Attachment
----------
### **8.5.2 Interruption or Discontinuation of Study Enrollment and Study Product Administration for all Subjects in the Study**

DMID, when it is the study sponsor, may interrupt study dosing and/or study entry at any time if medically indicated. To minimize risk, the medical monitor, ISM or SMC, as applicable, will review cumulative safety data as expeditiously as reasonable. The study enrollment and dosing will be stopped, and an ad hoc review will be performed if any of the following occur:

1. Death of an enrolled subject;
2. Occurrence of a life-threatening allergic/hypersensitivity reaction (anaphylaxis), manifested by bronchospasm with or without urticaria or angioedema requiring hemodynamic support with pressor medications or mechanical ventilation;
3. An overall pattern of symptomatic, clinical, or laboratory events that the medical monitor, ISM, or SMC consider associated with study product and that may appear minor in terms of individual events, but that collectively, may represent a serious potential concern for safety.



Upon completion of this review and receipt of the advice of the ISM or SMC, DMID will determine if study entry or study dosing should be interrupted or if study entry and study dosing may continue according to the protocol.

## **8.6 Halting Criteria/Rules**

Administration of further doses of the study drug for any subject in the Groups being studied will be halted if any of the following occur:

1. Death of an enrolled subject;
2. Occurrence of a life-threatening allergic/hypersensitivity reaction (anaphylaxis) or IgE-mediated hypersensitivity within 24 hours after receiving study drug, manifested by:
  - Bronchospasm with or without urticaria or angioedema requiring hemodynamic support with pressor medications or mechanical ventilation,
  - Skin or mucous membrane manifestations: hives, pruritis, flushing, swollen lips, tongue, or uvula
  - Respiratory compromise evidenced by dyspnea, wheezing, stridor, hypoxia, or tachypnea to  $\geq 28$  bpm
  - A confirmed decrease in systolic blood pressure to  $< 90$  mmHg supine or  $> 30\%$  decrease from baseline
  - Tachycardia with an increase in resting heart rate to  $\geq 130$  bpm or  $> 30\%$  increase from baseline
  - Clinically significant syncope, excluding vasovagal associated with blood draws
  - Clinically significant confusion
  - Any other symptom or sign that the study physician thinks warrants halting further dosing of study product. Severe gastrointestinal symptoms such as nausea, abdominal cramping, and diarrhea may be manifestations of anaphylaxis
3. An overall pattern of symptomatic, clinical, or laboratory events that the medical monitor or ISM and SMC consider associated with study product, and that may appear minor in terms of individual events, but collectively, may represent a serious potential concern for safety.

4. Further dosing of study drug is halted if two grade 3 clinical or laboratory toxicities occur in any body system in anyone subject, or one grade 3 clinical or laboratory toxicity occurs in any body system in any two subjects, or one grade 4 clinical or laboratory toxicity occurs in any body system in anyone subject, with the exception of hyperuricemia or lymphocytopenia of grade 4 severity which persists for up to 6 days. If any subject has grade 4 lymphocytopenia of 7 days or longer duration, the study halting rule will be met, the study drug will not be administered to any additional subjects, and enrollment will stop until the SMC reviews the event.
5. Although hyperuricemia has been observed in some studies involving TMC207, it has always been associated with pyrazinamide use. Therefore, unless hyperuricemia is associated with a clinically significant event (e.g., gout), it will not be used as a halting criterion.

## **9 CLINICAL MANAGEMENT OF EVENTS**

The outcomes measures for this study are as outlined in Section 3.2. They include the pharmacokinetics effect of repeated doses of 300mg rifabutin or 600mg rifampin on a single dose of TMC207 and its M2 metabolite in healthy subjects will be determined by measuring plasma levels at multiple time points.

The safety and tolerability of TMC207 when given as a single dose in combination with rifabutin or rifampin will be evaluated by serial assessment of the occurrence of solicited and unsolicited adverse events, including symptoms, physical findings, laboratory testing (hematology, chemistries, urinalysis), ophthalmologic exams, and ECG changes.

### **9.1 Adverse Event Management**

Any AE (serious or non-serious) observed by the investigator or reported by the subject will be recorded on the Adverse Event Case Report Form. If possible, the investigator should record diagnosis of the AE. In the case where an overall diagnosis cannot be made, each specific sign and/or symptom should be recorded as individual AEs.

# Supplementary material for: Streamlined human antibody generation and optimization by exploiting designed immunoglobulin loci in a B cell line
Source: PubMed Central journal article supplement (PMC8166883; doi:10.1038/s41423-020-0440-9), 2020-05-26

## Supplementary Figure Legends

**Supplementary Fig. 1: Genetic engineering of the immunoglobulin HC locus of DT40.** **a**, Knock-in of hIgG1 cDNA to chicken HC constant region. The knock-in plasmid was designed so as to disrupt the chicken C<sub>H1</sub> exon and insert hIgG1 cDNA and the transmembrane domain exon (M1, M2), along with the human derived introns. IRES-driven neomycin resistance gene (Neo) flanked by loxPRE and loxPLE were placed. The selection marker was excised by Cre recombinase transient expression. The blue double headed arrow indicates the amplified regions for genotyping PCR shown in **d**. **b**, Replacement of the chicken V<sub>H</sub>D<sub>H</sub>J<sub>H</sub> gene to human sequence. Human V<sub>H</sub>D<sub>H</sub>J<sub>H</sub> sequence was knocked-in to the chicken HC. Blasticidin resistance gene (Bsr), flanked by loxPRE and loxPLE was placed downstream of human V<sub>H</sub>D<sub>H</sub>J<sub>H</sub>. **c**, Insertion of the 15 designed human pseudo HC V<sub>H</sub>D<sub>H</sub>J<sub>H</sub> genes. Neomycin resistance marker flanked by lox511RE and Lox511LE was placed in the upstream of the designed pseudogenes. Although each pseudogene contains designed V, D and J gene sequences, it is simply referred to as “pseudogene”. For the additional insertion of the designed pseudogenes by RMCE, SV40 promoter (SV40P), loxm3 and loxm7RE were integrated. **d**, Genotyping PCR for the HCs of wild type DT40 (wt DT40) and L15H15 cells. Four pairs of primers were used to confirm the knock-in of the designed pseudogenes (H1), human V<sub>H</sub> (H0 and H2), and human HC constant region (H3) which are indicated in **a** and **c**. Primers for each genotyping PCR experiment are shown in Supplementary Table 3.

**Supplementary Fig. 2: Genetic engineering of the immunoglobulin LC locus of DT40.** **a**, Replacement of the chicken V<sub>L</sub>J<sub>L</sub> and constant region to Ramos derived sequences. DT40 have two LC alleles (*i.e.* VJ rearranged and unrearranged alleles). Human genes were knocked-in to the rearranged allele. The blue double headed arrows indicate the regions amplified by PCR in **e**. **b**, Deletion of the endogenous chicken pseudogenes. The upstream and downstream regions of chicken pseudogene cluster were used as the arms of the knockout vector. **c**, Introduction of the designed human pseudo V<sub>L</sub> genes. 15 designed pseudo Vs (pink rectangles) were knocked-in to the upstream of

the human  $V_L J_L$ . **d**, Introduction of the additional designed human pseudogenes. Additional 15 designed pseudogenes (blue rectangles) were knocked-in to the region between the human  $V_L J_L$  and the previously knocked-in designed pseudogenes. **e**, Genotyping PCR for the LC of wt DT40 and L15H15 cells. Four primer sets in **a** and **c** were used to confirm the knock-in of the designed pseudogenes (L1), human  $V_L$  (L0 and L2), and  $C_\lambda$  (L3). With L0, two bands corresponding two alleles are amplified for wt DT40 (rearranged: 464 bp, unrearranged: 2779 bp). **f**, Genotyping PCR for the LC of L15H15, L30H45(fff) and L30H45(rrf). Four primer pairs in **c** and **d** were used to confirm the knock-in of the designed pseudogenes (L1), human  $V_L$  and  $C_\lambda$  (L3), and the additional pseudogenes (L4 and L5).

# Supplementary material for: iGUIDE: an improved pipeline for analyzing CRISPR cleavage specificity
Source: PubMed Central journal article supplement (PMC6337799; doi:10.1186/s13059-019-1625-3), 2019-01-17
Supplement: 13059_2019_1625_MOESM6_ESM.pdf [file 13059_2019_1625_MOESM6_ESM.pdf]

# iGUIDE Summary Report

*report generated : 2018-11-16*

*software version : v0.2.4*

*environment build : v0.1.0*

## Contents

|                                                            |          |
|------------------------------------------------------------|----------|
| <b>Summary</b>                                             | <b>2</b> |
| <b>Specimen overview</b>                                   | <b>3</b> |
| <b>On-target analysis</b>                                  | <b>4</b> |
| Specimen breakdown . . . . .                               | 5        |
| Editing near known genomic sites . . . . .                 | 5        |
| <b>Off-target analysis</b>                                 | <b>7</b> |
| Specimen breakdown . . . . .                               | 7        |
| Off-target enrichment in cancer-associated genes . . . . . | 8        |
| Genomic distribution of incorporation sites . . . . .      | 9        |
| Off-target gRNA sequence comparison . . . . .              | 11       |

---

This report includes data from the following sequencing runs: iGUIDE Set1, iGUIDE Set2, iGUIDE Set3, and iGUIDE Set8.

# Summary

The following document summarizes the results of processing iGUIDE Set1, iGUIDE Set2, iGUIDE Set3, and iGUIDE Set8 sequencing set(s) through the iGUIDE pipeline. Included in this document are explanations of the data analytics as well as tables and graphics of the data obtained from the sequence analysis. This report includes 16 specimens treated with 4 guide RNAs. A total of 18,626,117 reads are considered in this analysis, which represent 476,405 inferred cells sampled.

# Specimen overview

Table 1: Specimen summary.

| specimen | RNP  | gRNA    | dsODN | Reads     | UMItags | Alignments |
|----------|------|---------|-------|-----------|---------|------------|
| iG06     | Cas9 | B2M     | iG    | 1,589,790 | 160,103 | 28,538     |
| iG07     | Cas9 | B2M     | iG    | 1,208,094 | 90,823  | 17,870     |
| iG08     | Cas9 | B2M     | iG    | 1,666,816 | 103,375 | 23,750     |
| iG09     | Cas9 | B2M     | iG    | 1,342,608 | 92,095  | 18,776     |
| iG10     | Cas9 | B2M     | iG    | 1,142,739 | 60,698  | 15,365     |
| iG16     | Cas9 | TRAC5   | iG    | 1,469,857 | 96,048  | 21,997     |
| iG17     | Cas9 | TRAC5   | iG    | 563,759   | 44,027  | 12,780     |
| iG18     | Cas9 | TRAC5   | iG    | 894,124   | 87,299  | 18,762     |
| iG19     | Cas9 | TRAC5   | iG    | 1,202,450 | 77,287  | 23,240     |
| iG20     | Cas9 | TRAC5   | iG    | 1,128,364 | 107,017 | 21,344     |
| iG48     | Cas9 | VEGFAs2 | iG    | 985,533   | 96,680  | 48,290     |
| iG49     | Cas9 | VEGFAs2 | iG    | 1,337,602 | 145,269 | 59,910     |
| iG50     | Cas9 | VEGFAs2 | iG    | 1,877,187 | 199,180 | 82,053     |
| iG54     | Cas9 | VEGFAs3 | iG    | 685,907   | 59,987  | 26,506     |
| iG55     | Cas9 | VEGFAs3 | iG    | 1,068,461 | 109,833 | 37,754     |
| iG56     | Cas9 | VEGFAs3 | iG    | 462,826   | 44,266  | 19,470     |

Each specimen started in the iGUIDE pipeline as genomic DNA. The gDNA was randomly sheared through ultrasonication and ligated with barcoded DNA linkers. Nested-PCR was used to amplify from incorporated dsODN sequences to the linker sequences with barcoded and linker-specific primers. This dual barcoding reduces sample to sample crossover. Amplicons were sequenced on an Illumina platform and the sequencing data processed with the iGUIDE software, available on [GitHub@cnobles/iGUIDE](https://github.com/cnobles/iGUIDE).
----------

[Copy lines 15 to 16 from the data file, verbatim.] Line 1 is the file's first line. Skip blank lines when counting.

  - Tachycardia with an increase in resting heart rate to  $\geq 130$  bpm or  $> 30\%$  increase from baseline
  - Clinically significant syncope, excluding vasovagal associated with blood draws